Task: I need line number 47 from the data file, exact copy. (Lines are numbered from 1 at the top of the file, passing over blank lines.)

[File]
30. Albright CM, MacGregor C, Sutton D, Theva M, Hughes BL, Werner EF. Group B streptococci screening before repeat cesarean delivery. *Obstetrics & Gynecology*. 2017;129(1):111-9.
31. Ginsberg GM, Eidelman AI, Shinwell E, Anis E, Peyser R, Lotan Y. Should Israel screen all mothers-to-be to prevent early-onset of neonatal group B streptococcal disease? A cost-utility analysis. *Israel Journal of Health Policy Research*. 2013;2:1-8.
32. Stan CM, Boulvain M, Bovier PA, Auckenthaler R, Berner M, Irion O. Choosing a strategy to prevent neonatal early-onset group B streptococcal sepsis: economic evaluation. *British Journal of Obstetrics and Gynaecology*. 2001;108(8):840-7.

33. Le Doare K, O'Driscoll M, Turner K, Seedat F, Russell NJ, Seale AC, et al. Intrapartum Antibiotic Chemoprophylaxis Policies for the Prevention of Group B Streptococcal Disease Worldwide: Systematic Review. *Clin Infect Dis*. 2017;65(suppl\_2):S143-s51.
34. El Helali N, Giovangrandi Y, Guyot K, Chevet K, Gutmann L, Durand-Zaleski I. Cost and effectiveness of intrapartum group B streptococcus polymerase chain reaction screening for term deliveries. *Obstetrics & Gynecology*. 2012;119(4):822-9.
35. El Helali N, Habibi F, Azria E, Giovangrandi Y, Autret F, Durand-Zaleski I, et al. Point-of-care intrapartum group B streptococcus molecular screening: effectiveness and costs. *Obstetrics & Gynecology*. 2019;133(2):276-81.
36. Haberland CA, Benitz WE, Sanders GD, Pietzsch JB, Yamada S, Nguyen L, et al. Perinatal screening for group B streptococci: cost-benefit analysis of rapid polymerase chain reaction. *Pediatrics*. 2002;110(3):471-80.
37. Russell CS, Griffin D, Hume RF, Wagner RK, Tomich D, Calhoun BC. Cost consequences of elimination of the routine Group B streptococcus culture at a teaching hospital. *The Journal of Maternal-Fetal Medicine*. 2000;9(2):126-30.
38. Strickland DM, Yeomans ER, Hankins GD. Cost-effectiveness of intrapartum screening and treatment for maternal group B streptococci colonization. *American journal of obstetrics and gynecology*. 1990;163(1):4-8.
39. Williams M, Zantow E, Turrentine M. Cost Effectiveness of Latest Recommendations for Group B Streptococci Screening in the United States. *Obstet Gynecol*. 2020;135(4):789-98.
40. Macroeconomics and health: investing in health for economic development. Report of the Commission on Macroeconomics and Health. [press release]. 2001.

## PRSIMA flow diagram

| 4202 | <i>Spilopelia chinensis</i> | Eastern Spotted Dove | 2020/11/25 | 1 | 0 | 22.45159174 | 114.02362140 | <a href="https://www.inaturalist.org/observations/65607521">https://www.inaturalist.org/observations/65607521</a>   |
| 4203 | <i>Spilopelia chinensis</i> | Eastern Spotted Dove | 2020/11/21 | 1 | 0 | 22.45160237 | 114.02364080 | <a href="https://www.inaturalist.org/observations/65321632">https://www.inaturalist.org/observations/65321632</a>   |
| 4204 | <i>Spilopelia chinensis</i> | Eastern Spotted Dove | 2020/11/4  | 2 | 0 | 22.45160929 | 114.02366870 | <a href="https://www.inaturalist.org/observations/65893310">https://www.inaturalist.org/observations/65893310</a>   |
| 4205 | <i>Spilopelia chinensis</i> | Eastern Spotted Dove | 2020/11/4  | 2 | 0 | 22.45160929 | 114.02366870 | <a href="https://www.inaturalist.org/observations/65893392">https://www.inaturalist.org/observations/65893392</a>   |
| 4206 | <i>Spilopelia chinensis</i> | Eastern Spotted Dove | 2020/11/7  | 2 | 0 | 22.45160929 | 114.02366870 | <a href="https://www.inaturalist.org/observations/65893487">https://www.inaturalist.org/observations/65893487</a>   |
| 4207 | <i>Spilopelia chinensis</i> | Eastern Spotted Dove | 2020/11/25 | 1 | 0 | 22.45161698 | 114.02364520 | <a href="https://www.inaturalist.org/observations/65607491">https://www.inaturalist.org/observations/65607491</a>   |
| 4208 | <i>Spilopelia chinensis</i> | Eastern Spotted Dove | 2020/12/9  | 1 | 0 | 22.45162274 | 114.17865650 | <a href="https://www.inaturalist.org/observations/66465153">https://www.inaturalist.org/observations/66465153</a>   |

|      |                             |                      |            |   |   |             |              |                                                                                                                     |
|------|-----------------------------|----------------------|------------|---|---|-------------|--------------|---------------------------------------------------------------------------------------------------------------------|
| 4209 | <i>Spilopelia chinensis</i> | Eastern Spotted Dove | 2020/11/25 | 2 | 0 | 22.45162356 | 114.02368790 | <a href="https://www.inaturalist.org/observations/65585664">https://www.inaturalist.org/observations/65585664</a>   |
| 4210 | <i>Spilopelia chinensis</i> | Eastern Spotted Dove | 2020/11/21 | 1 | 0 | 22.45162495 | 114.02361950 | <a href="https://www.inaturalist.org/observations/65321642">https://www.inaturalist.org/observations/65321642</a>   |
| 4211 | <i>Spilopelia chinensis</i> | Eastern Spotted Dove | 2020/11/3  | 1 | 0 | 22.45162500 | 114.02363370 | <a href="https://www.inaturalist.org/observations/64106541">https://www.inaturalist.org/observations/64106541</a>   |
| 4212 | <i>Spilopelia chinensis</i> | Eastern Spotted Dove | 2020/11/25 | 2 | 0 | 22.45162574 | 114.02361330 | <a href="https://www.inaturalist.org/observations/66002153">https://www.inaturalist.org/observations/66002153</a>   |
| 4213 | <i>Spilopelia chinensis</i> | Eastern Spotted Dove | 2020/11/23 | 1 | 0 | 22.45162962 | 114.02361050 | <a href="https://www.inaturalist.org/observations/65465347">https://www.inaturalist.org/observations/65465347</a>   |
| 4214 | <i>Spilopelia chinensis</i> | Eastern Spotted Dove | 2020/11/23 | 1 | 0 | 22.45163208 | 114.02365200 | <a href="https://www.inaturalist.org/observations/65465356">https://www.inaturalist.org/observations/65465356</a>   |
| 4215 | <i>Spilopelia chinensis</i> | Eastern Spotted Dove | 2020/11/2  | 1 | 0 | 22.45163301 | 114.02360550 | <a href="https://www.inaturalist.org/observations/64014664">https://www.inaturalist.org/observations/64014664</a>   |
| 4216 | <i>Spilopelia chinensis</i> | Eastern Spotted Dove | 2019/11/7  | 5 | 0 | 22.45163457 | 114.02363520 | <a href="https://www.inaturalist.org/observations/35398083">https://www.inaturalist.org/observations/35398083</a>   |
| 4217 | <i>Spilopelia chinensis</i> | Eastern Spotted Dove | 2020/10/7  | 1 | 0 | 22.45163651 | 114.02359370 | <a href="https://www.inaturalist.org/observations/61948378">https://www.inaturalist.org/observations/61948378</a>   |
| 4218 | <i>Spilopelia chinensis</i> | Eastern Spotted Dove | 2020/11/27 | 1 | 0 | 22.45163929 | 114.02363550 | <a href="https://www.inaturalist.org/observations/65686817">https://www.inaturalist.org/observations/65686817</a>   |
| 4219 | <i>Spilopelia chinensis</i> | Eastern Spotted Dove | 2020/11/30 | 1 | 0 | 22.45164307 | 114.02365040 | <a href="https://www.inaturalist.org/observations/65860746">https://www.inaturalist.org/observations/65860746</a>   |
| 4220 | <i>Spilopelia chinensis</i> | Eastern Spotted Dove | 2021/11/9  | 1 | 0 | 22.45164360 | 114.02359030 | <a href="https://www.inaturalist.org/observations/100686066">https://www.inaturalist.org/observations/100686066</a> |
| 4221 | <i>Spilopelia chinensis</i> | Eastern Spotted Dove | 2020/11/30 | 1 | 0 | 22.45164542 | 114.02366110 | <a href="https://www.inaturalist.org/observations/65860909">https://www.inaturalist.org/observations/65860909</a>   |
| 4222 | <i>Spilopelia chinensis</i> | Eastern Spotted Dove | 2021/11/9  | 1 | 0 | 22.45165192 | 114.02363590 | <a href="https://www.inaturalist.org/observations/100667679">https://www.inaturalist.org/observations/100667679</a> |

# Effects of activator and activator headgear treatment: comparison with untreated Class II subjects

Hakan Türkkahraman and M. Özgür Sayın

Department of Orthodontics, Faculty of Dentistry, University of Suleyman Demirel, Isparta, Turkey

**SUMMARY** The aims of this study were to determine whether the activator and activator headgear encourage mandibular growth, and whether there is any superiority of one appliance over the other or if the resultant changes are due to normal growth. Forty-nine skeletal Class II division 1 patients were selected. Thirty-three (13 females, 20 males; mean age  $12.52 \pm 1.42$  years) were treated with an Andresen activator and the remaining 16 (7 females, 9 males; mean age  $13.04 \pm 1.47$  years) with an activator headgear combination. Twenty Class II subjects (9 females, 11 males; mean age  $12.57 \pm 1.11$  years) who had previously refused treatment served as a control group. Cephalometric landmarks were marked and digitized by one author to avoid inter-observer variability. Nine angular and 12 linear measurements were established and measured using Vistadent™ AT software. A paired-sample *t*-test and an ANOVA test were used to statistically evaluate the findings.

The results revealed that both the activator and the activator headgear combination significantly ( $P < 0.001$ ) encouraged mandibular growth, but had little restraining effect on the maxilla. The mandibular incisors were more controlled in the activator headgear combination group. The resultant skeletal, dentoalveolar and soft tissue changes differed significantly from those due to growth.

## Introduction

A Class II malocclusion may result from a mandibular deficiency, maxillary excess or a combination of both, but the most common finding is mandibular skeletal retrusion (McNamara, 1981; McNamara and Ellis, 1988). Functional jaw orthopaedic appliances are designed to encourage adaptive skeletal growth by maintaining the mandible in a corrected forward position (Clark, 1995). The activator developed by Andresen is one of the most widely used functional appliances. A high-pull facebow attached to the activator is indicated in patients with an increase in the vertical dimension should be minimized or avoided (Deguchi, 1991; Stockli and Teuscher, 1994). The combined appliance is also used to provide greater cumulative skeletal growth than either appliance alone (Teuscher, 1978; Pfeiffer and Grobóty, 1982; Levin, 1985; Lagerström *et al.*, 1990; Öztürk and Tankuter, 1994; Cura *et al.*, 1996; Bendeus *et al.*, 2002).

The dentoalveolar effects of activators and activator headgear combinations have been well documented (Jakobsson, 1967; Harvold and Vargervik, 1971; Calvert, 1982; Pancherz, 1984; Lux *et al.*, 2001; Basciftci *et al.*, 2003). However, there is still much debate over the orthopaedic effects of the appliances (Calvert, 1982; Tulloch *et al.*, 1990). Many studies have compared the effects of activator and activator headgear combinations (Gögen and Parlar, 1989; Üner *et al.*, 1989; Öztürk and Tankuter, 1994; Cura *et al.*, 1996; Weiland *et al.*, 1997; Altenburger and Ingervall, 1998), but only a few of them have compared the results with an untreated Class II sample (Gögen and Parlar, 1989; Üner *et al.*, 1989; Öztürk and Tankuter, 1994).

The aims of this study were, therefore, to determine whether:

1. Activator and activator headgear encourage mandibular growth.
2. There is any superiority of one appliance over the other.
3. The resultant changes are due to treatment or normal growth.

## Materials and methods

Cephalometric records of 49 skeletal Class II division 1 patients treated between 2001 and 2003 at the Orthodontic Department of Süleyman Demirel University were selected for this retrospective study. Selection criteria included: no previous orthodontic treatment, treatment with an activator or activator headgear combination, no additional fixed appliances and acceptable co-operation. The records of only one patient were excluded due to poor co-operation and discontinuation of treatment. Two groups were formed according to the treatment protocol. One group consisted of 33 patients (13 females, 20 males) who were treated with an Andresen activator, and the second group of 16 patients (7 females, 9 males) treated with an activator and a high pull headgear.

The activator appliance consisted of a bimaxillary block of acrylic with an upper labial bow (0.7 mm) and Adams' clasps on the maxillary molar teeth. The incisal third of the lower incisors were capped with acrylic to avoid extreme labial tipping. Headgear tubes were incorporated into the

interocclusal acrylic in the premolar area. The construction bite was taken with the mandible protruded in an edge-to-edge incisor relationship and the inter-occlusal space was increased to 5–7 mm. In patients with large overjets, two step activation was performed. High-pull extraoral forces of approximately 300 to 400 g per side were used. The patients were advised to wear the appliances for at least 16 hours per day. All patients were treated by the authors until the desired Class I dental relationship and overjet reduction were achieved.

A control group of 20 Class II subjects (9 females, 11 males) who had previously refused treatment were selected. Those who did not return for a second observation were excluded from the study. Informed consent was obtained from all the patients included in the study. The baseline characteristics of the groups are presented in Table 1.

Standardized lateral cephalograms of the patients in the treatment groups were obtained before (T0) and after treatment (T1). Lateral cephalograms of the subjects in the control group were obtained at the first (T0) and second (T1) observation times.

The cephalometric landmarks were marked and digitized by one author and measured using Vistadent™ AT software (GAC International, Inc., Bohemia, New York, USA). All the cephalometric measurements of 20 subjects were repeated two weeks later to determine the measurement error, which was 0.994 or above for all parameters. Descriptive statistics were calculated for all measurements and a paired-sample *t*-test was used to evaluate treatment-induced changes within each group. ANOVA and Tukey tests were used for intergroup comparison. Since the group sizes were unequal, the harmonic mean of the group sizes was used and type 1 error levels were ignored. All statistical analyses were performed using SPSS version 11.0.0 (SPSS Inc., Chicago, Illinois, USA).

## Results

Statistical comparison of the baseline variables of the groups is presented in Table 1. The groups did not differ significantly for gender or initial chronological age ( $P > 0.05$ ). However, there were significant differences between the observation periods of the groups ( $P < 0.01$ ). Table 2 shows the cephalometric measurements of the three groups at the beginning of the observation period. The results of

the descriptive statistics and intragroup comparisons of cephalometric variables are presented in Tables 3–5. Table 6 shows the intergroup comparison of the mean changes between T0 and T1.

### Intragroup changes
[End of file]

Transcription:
3. The resultant changes are due to treatment or normal growth.